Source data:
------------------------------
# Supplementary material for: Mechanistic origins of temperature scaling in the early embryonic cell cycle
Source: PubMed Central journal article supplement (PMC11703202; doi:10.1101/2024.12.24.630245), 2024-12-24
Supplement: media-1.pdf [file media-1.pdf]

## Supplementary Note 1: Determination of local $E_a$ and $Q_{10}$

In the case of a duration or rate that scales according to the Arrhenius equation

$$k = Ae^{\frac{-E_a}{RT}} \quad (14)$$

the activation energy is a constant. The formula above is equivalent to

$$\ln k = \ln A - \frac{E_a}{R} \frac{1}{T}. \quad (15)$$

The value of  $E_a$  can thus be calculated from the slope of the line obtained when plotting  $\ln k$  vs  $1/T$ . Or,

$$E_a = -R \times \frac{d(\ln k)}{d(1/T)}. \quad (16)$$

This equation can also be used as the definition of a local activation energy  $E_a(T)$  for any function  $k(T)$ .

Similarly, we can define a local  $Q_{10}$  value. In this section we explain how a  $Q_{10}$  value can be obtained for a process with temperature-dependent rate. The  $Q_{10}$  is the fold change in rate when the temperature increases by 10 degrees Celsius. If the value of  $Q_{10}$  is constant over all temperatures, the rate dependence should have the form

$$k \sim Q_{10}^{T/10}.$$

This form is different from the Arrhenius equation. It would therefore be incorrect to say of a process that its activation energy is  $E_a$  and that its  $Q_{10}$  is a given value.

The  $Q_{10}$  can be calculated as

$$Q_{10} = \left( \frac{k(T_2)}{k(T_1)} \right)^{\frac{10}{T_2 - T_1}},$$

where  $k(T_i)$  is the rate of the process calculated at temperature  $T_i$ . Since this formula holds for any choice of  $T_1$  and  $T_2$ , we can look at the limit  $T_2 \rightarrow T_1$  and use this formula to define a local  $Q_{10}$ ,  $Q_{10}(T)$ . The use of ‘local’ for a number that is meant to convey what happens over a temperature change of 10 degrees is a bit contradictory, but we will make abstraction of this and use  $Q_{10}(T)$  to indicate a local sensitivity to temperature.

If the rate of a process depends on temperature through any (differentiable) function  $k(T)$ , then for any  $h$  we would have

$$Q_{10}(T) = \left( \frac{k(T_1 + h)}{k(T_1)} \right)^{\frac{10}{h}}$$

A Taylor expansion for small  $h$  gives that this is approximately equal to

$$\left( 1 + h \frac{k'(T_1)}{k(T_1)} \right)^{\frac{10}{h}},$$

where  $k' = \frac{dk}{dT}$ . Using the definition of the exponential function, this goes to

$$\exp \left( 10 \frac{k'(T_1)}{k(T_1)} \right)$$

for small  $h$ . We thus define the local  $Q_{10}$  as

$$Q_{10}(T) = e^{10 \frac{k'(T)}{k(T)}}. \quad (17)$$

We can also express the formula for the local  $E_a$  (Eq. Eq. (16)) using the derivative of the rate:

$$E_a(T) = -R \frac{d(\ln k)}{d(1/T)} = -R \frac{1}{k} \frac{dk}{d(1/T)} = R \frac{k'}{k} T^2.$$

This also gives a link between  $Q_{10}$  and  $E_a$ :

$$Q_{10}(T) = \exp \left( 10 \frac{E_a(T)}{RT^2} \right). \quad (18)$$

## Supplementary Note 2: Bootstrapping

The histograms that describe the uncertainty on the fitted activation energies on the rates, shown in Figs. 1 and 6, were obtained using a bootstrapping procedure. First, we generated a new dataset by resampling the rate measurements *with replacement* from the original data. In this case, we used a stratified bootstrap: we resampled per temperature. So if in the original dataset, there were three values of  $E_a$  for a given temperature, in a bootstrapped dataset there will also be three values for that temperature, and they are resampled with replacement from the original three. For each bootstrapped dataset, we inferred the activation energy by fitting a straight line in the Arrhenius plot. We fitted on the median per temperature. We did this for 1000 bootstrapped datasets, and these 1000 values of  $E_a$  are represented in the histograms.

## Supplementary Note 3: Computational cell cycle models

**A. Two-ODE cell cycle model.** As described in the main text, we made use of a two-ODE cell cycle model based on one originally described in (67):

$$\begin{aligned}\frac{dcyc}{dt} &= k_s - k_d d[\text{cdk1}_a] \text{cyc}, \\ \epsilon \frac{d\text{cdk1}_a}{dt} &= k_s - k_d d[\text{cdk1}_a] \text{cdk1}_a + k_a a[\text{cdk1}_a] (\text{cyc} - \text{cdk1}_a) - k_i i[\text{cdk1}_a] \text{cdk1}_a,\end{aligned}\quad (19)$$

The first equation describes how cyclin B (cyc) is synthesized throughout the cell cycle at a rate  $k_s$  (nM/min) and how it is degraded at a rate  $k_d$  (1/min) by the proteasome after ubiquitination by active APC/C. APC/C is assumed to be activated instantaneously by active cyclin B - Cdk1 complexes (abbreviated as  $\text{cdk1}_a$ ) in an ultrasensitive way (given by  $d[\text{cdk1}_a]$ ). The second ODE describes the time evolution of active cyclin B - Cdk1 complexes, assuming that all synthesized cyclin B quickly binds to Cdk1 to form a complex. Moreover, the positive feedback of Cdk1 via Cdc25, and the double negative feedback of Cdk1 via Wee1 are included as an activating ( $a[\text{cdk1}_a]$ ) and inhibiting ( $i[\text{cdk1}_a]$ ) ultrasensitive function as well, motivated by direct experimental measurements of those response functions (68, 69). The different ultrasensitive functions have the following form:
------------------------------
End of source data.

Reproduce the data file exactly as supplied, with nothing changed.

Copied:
# Supplementary material for: Mechanistic origins of temperature scaling in the early embryonic cell cycle
Source: PubMed Central journal article supplement (PMC11703202; doi:10.1101/2024.12.24.630245), 2024-12-24
Supplement: media-1.pdf [file media-1.pdf]

## Supplementary Note 1: Determination of local $E_a$ and $Q_{10}$

In the case of a duration or rate that scales according to the Arrhenius equation

$$k = Ae^{\frac{-E_a}{RT}} \quad (14)$$

the activation energy is a constant. The formula above is equivalent to

$$\ln k = \ln A - \frac{E_a}{R} \frac{1}{T}. \quad (15)$$

The value of  $E_a$  can thus be calculated from the slope of the line obtained when plotting  $\ln k$  vs  $1/T$ . Or,

$$E_a = -R \times \frac{d(\ln k)}{d(1/T)}. \quad (16)$$

This equation can also be used as the definition of a local activation energy  $E_a(T)$  for any function  $k(T)$ .

Similarly, we can define a local  $Q_{10}$  value. In this section we explain how a  $Q_{10}$  value can be obtained for a process with temperature-dependent rate. The  $Q_{10}$  is the fold change in rate when the temperature increases by 10 degrees Celsius. If the value of  $Q_{10}$  is constant over all temperatures, the rate dependence should have the form

$$k \sim Q_{10}^{T/10}.$$

This form is different from the Arrhenius equation. It would therefore be incorrect to say of a process that its activation energy is  $E_a$  and that its  $Q_{10}$  is a given value.

The  $Q_{10}$  can be calculated as

$$Q_{10} = \left( \frac{k(T_2)}{k(T_1)} \right)^{\frac{10}{T_2 - T_1}},$$

where  $k(T_i)$  is the rate of the process calculated at temperature  $T_i$ . Since this formula holds for any choice of  $T_1$  and  $T_2$ , we can look at the limit  $T_2 \rightarrow T_1$  and use this formula to define a local  $Q_{10}$ ,  $Q_{10}(T)$ . The use of ‘local’ for a number that is meant to convey what happens over a temperature change of 10 degrees is a bit contradictory, but we will make abstraction of this and use  $Q_{10}(T)$  to indicate a local sensitivity to temperature.

If the rate of a process depends on temperature through any (differentiable) function  $k(T)$ , then for any  $h$  we would have

$$Q_{10}(T) = \left( \frac{k(T_1 + h)}{k(T_1)} \right)^{\frac{10}{h}}$$

A Taylor expansion for small  $h$  gives that this is approximately equal to

$$\left( 1 + h \frac{k'(T_1)}{k(T_1)} \right)^{\frac{10}{h}},$$

where  $k' = \frac{dk}{dT}$ . Using the definition of the exponential function, this goes to

$$\exp \left( 10 \frac{k'(T_1)}{k(T_1)} \right)$$

for small  $h$ . We thus define the local  $Q_{10}$  as

$$Q_{10}(T) = e^{10 \frac{k'(T)}{k(T)}}. \quad (17)$$

We can also express the formula for the local  $E_a$  (Eq. Eq. (16)) using the derivative of the rate:

$$E_a(T) = -R \frac{d(\ln k)}{d(1/T)} = -R \frac{1}{k} \frac{dk}{d(1/T)} = R \frac{k'}{k} T^2.$$

This also gives a link between  $Q_{10}$  and  $E_a$ :

$$Q_{10}(T) = \exp \left( 10 \frac{E_a(T)}{RT^2} \right). \quad (18)$$

## Supplementary Note 2: Bootstrapping

The histograms that describe the uncertainty on the fitted activation energies on the rates, shown in Figs. 1 and 6, were obtained using a bootstrapping procedure. First, we generated a new dataset by resampling the rate measurements *with replacement* from the original data. In this case, we used a stratified bootstrap: we resampled per temperature. So if in the original dataset, there were three values of  $E_a$  for a given temperature, in a bootstrapped dataset there will also be three values for that temperature, and they are resampled with replacement from the original three. For each bootstrapped dataset, we inferred the activation energy by fitting a straight line in the Arrhenius plot. We fitted on the median per temperature. We did this for 1000 bootstrapped datasets, and these 1000 values of  $E_a$  are represented in the histograms.

## Supplementary Note 3: Computational cell cycle models

**A. Two-ODE cell cycle model.** As described in the main text, we made use of a two-ODE cell cycle model based on one originally described in (67):

$$\begin{aligned}\frac{dcyc}{dt} &= k_s - k_d d[\text{cdk1}_a] \text{cyc}, \\ \epsilon \frac{d\text{cdk1}_a}{dt} &= k_s - k_d d[\text{cdk1}_a] \text{cdk1}_a + k_a a[\text{cdk1}_a] (\text{cyc} - \text{cdk1}_a) - k_i i[\text{cdk1}_a] \text{cdk1}_a,\end{aligned}\quad (19)$$

The first equation describes how cyclin B (cyc) is synthesized throughout the cell cycle at a rate  $k_s$  (nM/min) and how it is degraded at a rate  $k_d$  (1/min) by the proteasome after ubiquitination by active APC/C. APC/C is assumed to be activated instantaneously by active cyclin B - Cdk1 complexes (abbreviated as  $\text{cdk1}_a$ ) in an ultrasensitive way (given by  $d[\text{cdk1}_a]$ ). The second ODE describes the time evolution of active cyclin B - Cdk1 complexes, assuming that all synthesized cyclin B quickly binds to Cdk1 to form a complex. Moreover, the positive feedback of Cdk1 via Cdc25, and the double negative feedback of Cdk1 via Wee1 are included as an activating ( $a[\text{cdk1}_a]$ ) and inhibiting ( $i[\text{cdk1}_a]$ ) ultrasensitive function as well, motivated by direct experimental measurements of those response functions (68, 69). The different ultrasensitive functions have the following form: